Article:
Chapter 1: Hello, Latin World!

Screenshot of the English version of tutorial 1

The first program is a remake of the hello-world example from the Qt tutorial, with a Latin translation. The screenshot above shows the English version.

** Translation tutorial 1

#include <qapplication.h>
#include <qpushbutton.h>
#include <qtranslator.h>

int main( int argc, char **argv )
    QApplication a( argc, argv );

    QTranslator tor( 0 );
    tor.load( "tt1_la", "." );
    a.installTranslator( &tor );

    QPushButton hello( QPushButton::tr("Hello world!"), 0 );

    a.setMainWidget( &hello );;
    return a.exec();

Line by Line Walk-Through

    #include <qtranslator.h>

This line includes the definition of the QTranslator class. Objects of this class provide translations for user-visible text.

        QTranslator tor( 0 );

This creates a QTranslator object without a parent.

        tor.load( "tt1_la", "." );

Here, we try to load a file called tt1_la.qm (the .qm file extension is implicit) that contains Latin translations for the source texts used in the program.

        a.installTranslator( &tor );

This adds the translations from tt1_la.qm to the pool of translations used by the program.

        QPushButton hello( QPushButton::tr("Hello world!"), 0 );

This line creates a push button that displays "Hello world!". If tt1_la.qm exists and contains a translation for "Hello world!", the translation appears; if not, the source text appears.

All classes that inherit QObject have a tr() function. Inside a member function of a QObject class, we would simply write tr("Hello world!") instead of QPushButton::tr("Hello world!") or QObject::tr("Hello world!").

Running the Application in English

If you run the program now, you will obtain a big push button labelled "Hello world!". Since we still haven't made the file tt1_la.qm, the source text is shown.

Screenshot of the English version of tutorial 1

Creating a Latin Message File

English is fun, but we now want to have a Latin version to please our Roman users.

The first step is to create a project file that lists all the source files for the project (main.cpp). The project file can be a tmake project file, or even an ordinary makefile. Any file that contains

    SOURCES         = main.cpp
    TRANSLATIONS    = tt1_la.ts

will do. TRANSLATIONS specifies the message files we want to maintain. In this example, we just maintain one set of translations, namely Latin.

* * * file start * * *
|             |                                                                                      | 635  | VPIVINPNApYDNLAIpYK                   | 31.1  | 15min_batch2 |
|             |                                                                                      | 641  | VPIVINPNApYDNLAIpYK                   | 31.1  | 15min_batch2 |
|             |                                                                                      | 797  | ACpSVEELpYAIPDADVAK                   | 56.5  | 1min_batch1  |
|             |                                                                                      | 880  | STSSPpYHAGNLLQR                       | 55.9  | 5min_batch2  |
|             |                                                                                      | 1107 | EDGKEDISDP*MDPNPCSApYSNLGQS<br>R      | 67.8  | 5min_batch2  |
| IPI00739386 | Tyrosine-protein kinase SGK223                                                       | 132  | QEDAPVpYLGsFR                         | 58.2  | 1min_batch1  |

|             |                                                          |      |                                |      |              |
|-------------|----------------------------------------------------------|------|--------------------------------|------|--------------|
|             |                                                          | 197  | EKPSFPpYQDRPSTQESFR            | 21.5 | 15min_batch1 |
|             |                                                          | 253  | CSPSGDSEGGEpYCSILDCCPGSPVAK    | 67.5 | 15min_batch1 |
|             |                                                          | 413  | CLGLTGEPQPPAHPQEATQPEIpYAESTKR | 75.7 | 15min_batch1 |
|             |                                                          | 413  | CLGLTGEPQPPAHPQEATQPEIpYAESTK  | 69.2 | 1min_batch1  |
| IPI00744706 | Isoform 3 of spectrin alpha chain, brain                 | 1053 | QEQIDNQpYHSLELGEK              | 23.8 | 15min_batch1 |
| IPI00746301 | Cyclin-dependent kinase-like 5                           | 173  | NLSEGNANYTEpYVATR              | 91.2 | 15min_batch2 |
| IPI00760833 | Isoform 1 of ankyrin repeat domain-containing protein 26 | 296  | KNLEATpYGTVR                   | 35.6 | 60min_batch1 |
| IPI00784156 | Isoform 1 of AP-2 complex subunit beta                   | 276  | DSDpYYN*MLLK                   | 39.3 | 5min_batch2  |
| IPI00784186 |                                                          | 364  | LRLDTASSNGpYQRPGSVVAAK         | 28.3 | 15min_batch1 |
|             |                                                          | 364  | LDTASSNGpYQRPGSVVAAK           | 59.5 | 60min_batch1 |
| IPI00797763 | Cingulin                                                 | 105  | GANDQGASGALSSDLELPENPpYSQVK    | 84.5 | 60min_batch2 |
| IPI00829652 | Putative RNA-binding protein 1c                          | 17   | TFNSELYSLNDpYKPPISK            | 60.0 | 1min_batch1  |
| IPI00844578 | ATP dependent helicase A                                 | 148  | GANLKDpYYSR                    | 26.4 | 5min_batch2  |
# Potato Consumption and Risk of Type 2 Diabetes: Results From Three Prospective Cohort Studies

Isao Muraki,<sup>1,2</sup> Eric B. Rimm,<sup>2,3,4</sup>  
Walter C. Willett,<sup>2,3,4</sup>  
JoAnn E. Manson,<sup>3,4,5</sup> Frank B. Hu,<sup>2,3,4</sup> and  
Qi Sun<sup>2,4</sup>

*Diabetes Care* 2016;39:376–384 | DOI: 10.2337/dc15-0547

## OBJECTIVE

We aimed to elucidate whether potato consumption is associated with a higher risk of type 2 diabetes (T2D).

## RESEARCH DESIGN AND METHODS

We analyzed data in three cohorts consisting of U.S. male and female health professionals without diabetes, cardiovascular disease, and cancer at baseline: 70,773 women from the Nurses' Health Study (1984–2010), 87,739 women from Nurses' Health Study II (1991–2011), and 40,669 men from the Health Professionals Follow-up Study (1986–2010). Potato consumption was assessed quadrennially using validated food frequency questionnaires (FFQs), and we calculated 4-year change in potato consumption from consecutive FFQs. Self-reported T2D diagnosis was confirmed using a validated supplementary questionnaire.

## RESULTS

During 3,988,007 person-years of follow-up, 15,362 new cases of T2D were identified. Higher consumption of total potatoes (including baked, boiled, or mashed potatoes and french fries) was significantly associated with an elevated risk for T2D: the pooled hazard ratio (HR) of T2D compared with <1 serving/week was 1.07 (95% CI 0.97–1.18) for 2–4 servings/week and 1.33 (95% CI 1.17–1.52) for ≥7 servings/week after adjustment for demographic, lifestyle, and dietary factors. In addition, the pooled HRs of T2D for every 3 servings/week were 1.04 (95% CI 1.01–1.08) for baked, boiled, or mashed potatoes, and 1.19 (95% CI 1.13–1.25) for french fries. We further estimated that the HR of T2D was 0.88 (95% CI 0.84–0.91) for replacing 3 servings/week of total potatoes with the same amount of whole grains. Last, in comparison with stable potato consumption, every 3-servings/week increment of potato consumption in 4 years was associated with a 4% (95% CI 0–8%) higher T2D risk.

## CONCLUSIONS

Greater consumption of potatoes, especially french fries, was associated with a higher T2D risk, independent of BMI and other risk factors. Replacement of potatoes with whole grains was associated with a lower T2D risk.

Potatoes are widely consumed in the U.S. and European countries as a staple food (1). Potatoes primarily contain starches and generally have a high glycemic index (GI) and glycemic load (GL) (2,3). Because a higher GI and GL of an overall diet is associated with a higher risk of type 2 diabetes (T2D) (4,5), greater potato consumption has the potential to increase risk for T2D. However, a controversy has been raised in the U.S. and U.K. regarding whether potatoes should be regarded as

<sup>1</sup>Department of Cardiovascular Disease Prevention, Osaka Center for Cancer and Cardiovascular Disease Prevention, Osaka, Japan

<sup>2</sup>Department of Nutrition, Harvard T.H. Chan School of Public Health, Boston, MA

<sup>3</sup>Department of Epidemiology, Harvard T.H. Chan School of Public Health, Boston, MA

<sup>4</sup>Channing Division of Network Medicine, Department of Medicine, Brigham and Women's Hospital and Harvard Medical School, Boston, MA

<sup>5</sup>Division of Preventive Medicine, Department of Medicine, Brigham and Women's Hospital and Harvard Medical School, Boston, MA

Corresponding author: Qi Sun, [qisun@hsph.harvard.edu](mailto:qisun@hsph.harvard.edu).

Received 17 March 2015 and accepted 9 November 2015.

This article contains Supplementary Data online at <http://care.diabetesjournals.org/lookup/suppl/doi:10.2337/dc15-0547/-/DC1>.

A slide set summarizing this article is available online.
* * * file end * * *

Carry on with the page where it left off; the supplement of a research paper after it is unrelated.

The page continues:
Notice the file extension: It is .ts, not .qm. The .ts format (Translation Source format) is suited to developing programs and their translations, while the .qm format (Qt Message format) is much faster for running the finished application, but no good for developing it. In a nutshell, .ts files are text, much bigger than .qm, slower to read, and contain more information. Because they are text, .ts files are easy to store in version control systems and send in email.

The next step is to run the lupdate utility. It reads all the source and header files of the project (as specified by the HEADERS and SOURCES lines of the project file) and extracts the strings that appear in a tr() function call. Then it updates the message files (tt1_la.ts in this case) to keep them in synch with the source code.

You can use lupdate at any time, as lupdate does not destroy any information. For example, you can put it in the makefile, so the .ts files are updated whenever the source changes.

Try running lupdate right now, like this:


You should now have a file tt1_la.ts in the current directory, containing this:

            <source>Hello world!</source>
            <translation type='unfinished'></translation>

You don't need to understand this file. It's an XML file, which is used since XML is both extensible and easy to program for.

Translating to Latin with Qt Linguist

We will use Qt Linguist to provide the translation. (You can use any XML editor to do it, of course.)

To start Qt Linguist, type

    linguist tt1_la.ts

You should now see the text "QPushButton" on the left. Double-click on it, then click on "Hello world!" and enter "Orbis, te saluto!"in the Translation field at the right. Don't forget the exclamation mark!

Click on the Finished button and choose Save from the File menu. The .ts file now contains

            <translation>Orbis, te saluto!</translation>

instead of

            <translation type='unfinished'></translation>

Running the Application in Latin

To see the application running in Latin, we have to generate tt1_la.qm file from tt1_la.ts. In the Qt Linguist, choose Release... from the File menu. Once done, run the hello-world program again. You should see "Orbis, te saluto!" on the push button.

Screenshot of the Latin version of tutorial 1

You may now go on to chapter two.

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